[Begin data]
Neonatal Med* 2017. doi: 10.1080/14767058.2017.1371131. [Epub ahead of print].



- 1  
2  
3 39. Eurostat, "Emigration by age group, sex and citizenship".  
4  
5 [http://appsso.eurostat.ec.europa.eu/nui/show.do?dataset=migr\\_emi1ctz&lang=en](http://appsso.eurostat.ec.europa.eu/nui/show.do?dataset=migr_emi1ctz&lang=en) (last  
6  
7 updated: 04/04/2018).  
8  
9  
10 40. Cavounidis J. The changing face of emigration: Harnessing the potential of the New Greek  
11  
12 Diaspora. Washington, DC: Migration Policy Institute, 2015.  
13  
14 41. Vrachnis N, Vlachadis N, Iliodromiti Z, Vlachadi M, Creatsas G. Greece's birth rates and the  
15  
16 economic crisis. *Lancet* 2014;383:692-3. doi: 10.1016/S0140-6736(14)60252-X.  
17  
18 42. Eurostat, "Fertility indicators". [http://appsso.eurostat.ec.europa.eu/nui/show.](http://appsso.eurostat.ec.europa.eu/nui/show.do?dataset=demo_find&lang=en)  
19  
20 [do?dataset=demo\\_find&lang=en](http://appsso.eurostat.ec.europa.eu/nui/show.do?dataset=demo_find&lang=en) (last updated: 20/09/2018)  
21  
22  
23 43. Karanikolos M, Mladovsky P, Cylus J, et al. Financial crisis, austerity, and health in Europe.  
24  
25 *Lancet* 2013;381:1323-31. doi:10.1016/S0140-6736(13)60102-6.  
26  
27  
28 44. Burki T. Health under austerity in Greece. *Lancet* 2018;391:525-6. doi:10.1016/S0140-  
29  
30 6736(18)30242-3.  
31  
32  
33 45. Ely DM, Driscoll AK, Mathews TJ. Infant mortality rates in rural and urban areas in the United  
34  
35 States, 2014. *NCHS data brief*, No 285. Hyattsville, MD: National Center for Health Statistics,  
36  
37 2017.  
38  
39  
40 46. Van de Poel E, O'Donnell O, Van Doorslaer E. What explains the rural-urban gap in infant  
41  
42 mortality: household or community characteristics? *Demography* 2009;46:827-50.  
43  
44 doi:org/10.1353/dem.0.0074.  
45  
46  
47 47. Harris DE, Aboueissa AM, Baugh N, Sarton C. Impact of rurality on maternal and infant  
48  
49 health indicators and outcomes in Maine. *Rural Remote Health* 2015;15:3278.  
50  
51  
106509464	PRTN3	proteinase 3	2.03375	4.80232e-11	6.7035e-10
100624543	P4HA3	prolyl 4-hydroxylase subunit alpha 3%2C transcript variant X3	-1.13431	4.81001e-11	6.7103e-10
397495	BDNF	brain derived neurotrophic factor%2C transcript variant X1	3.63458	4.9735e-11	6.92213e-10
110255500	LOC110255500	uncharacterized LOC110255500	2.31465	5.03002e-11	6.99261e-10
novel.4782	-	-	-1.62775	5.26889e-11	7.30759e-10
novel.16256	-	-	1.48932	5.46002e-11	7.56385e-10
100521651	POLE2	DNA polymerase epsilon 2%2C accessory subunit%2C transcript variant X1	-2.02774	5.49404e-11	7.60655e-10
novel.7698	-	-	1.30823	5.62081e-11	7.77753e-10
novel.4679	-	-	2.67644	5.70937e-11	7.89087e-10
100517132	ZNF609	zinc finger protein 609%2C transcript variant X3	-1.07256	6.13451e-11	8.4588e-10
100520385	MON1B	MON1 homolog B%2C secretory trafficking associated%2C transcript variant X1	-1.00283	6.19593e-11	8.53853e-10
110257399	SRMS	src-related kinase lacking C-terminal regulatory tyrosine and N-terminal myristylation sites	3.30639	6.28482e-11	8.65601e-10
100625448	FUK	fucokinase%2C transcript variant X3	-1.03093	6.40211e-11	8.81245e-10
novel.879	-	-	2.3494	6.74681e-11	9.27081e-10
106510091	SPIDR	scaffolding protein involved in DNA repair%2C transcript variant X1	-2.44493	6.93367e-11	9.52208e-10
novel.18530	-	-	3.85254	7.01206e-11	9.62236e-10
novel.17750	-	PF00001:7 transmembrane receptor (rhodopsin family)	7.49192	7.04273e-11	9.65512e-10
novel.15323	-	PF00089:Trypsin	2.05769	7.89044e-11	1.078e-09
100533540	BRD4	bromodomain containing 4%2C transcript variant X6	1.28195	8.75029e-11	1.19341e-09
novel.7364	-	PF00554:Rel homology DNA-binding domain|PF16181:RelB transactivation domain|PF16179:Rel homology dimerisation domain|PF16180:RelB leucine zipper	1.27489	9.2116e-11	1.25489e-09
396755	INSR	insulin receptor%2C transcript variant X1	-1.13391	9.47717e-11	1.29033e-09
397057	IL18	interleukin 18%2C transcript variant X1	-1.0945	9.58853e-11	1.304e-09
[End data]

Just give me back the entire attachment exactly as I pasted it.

Neonatal Med* 2017. doi: 10.1080/14767058.2017.1371131. [Epub ahead of print].



- 1  
2  
3 39. Eurostat, "Emigration by age group, sex and citizenship".  
4  
5 [http://appsso.eurostat.ec.europa.eu/nui/show.do?dataset=migr\\_emi1ctz&lang=en](http://appsso.eurostat.ec.europa.eu/nui/show.do?dataset=migr_emi1ctz&lang=en) (last  
6  
7 updated: 04/04/2018).  
8  
9  
10 40. Cavounidis J. The changing face of emigration: Harnessing the potential of the New Greek  
11  
12 Diaspora. Washington, DC: Migration Policy Institute, 2015.  
13  
14 41. Vrachnis N, Vlachadis N, Iliodromiti Z, Vlachadi M, Creatsas G. Greece's birth rates and the  
15  
16 economic crisis. *Lancet* 2014;383:692-3. doi: 10.1016/S0140-6736(14)60252-X.  
17  
18 42. Eurostat, "Fertility indicators". [http://appsso.eurostat.ec.europa.eu/nui/show.](http://appsso.eurostat.ec.europa.eu/nui/show.do?dataset=demo_find&lang=en)  
19  
20 [do?dataset=demo\\_find&lang=en](http://appsso.eurostat.ec.europa.eu/nui/show.do?dataset=demo_find&lang=en) (last updated: 20/09/2018)  
21  
22  
23 43. Karanikolos M, Mladovsky P, Cylus J, et al. Financial crisis, austerity, and health in Europe.  
24  
25 *Lancet* 2013;381:1323-31. doi:10.1016/S0140-6736(13)60102-6.  
26  
27  
28 44. Burki T. Health under austerity in Greece. *Lancet* 2018;391:525-6. doi:10.1016/S0140-  
29  
30 6736(18)30242-3.  
31  
32  
33 45. Ely DM, Driscoll AK, Mathews TJ. Infant mortality rates in rural and urban areas in the United  
34  
35 States, 2014. *NCHS data brief*, No 285. Hyattsville, MD: National Center for Health Statistics,  
36  
37 2017.  
38  
39  
40 46. Van de Poel E, O'Donnell O, Van Doorslaer E. What explains the rural-urban gap in infant  
41  
42 mortality: household or community characteristics? *Demography* 2009;46:827-50.  
43  
44 doi:org/10.1353/dem.0.0074.  
45  
46  
47 47. Harris DE, Aboueissa AM, Baugh N, Sarton C. Impact of rurality on maternal and infant  
48  
49 health indicators and outcomes in Maine. *Rural Remote Health* 2015;15:3278.  
50  
51  
106509464	PRTN3	proteinase 3	2.03375	4.80232e-11	6.7035e-10
100624543	P4HA3	prolyl 4-hydroxylase subunit alpha 3%2C transcript variant X3	-1.13431	4.81001e-11	6.7103e-10
397495	BDNF	brain derived neurotrophic factor%2C transcript variant X1	3.63458	4.9735e-11	6.92213e-10
110255500	LOC110255500	uncharacterized LOC110255500	2.31465	5.03002e-11	6.99261e-10
novel.4782	-	-	-1.62775	5.26889e-11	7.30759e-10
novel.16256	-	-	1.48932	5.46002e-11	7.56385e-10
100521651	POLE2	DNA polymerase epsilon 2%2C accessory subunit%2C transcript variant X1	-2.02774	5.49404e-11	7.60655e-10
novel.7698	-	-	1.30823	5.62081e-11	7.77753e-10
novel.4679	-	-	2.67644	5.70937e-11	7.89087e-10
100517132	ZNF609	zinc finger protein 609%2C transcript variant X3	-1.07256	6.13451e-11	8.4588e-10
100520385	MON1B	MON1 homolog B%2C secretory trafficking associated%2C transcript variant X1	-1.00283	6.19593e-11	8.53853e-10
110257399	SRMS	src-related kinase lacking C-terminal regulatory tyrosine and N-terminal myristylation sites	3.30639	6.28482e-11	8.65601e-10
100625448	FUK	fucokinase%2C transcript variant X3	-1.03093	6.40211e-11	8.81245e-10
novel.879	-	-	2.3494	6.74681e-11	9.27081e-10
106510091	SPIDR	scaffolding protein involved in DNA repair%2C transcript variant X1	-2.44493	6.93367e-11	9.52208e-10
novel.18530	-	-	3.85254	7.01206e-11	9.62236e-10
novel.17750	-	PF00001:7 transmembrane receptor (rhodopsin family)	7.49192	7.04273e-11	9.65512e-10
novel.15323	-	PF00089:Trypsin	2.05769	7.89044e-11	1.078e-09
100533540	BRD4	bromodomain containing 4%2C transcript variant X6	1.28195	8.75029e-11	1.19341e-09
novel.7364	-	PF00554:Rel homology DNA-binding domain|PF16181:RelB transactivation domain|PF16179:Rel homology dimerisation domain|PF16180:RelB leucine zipper	1.27489	9.2116e-11	1.25489e-09
396755	INSR	insulin receptor%2C transcript variant X1	-1.13391	9.47717e-11	1.29033e-09
397057	IL18	interleukin 18%2C transcript variant X1	-1.0945	9.58853e-11	1.304e-09